Dr. Leman:           Well, that’s a great question, number one. First of all, let me say that you, parent that’s thinking that, you’ve probably done a little better job than you’re giving yourself credit for. Kids tend to be resilient. They tend to forgive more than we believe they’re capable of doing. I don’t mind telling you I’ve been a good parent, and yet one of the most gut-wrenching stories that I tell when I’m out speaking across the US and Canada is that fateful day that I took my daughter to college for the first time. Sandy and I both cried our eyes out. It was gut-wrenching. But, I remember thinking, as Holly walked away toward that dorm at Grove City College in Grove City, Pennsylvania, “Have I taught you everything I have to teach you? Did I miss anything? Are you really ready?”

Well, she was really ready, trust me. She was a great student, was homecoming attendant and later homecoming queen at her school, well-liked, well-rounded, got a good education. But I remember those feelings of inadequacy. Hey, I’ve written 61 books. I know something about being a parent. So, inherent in the question, I think, for all of us, is do we do enough? But to get to your point, that things have been rocky and there’s evidence that you could have done much better, how do you proceed? You proceed on a personal journey. You take the time to write your daughter or your son a note that comes in the mail. It’s from your heart. It’s full of admissions of times you’ve acted in haste, said some things you didn’t mean, and re-express your believe in them making it in life. That’s very important.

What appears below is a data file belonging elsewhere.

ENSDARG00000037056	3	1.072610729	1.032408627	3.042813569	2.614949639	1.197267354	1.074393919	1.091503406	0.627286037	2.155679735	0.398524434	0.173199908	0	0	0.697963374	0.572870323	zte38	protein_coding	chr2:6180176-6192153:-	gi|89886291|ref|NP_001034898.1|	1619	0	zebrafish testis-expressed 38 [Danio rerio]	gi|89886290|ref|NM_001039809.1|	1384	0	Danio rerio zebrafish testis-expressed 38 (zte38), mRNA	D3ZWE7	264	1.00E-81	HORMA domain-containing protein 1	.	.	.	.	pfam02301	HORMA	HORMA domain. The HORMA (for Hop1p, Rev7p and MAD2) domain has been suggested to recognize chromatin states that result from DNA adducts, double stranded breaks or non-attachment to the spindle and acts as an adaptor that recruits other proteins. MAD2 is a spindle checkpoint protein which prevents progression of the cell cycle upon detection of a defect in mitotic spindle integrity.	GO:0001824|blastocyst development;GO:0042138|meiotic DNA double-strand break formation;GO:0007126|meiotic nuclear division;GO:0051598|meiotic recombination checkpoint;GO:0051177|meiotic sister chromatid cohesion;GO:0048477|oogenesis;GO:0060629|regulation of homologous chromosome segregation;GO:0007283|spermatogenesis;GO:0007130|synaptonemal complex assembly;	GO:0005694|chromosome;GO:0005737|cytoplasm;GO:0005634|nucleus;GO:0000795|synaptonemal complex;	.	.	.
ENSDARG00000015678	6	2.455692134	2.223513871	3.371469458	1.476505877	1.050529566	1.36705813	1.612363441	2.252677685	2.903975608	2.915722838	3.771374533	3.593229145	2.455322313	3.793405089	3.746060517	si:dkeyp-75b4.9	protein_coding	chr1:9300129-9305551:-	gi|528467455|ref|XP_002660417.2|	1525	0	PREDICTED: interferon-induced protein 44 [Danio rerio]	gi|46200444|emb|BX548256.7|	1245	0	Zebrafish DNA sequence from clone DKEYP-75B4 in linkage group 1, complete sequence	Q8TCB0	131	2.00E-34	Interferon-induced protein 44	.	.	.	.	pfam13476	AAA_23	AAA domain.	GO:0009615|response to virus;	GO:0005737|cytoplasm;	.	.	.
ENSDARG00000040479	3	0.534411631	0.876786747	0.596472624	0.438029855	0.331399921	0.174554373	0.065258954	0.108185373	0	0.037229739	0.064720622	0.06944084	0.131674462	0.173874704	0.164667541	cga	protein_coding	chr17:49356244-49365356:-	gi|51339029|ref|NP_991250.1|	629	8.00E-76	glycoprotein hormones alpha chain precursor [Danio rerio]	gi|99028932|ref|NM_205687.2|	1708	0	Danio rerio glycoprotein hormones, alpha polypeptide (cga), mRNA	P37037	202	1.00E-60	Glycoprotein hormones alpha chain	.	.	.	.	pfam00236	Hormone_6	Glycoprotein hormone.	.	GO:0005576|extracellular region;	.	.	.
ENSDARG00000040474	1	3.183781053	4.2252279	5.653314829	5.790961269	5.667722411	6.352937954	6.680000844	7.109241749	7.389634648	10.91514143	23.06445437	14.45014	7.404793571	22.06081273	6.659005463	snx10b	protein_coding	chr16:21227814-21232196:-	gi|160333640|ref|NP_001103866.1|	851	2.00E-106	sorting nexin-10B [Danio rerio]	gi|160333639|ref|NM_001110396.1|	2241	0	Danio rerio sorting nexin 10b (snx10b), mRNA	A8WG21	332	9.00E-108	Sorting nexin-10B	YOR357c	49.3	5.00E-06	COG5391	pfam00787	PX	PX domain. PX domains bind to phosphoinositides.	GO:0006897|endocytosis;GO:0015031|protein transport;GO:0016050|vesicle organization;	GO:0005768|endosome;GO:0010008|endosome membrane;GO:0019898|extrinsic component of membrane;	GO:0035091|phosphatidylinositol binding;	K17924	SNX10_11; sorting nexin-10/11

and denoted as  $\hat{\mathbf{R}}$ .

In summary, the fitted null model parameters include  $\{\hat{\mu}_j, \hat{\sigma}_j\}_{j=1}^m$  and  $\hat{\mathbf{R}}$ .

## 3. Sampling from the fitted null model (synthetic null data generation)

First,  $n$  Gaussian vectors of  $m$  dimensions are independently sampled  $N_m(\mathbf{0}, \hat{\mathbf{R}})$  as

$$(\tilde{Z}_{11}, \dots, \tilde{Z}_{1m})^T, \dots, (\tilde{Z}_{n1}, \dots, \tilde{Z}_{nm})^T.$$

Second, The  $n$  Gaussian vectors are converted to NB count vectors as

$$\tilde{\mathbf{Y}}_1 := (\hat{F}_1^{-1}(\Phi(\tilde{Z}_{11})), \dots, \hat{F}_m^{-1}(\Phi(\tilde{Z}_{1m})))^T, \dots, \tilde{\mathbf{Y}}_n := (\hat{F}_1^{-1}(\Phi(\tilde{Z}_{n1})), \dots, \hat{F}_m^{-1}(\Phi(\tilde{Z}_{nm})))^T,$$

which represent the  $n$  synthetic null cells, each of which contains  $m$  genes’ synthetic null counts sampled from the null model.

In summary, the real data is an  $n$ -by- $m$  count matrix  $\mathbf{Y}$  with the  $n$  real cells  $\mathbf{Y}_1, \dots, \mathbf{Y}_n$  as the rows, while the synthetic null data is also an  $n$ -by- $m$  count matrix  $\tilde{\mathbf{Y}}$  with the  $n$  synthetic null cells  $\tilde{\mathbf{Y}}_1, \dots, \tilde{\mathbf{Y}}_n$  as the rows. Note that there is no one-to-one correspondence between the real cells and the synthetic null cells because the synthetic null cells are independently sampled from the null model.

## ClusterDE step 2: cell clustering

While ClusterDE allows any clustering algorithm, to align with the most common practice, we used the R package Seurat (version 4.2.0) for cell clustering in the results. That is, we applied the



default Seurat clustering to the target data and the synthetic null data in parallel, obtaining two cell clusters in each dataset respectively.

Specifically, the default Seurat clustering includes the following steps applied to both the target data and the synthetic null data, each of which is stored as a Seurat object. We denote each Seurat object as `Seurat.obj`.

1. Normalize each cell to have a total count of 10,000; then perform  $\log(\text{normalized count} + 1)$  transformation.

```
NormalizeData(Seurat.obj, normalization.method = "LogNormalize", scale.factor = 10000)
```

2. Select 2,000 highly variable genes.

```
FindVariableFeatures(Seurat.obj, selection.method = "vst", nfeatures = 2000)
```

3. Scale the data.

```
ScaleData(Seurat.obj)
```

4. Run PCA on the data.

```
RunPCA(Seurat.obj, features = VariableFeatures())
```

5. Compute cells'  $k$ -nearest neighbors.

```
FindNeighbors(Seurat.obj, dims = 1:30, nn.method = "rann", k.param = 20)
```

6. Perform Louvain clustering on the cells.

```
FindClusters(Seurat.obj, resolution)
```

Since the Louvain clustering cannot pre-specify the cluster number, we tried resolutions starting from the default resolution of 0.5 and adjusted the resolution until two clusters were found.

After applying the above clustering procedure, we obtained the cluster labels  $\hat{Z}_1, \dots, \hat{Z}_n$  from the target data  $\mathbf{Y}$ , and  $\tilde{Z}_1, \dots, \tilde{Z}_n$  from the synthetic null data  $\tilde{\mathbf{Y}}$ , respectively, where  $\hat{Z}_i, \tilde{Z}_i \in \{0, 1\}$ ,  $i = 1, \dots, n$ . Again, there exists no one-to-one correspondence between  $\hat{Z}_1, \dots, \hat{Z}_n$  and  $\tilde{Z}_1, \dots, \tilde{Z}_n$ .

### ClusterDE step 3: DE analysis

Standing ready to help them at any turn as they face the challenges that lie before them, whether it’s going in the military, getting a job, going off to college, university, whatever it is. You re-state your position in writing. You want to put a little money in the envelope? Go ahead. No, I’m just being smart. The value, that’s pure gold, when a kid sees in your handwriting how much you care. If there’s some specific incidences in your life … I reminded my older sister this week, my dad celebrated his birthday recently, and usually I will call her on the phone, and I have the ability to mock my father’s voice to the T. I mean, it’s uncanny what I can do, an impression of my dad.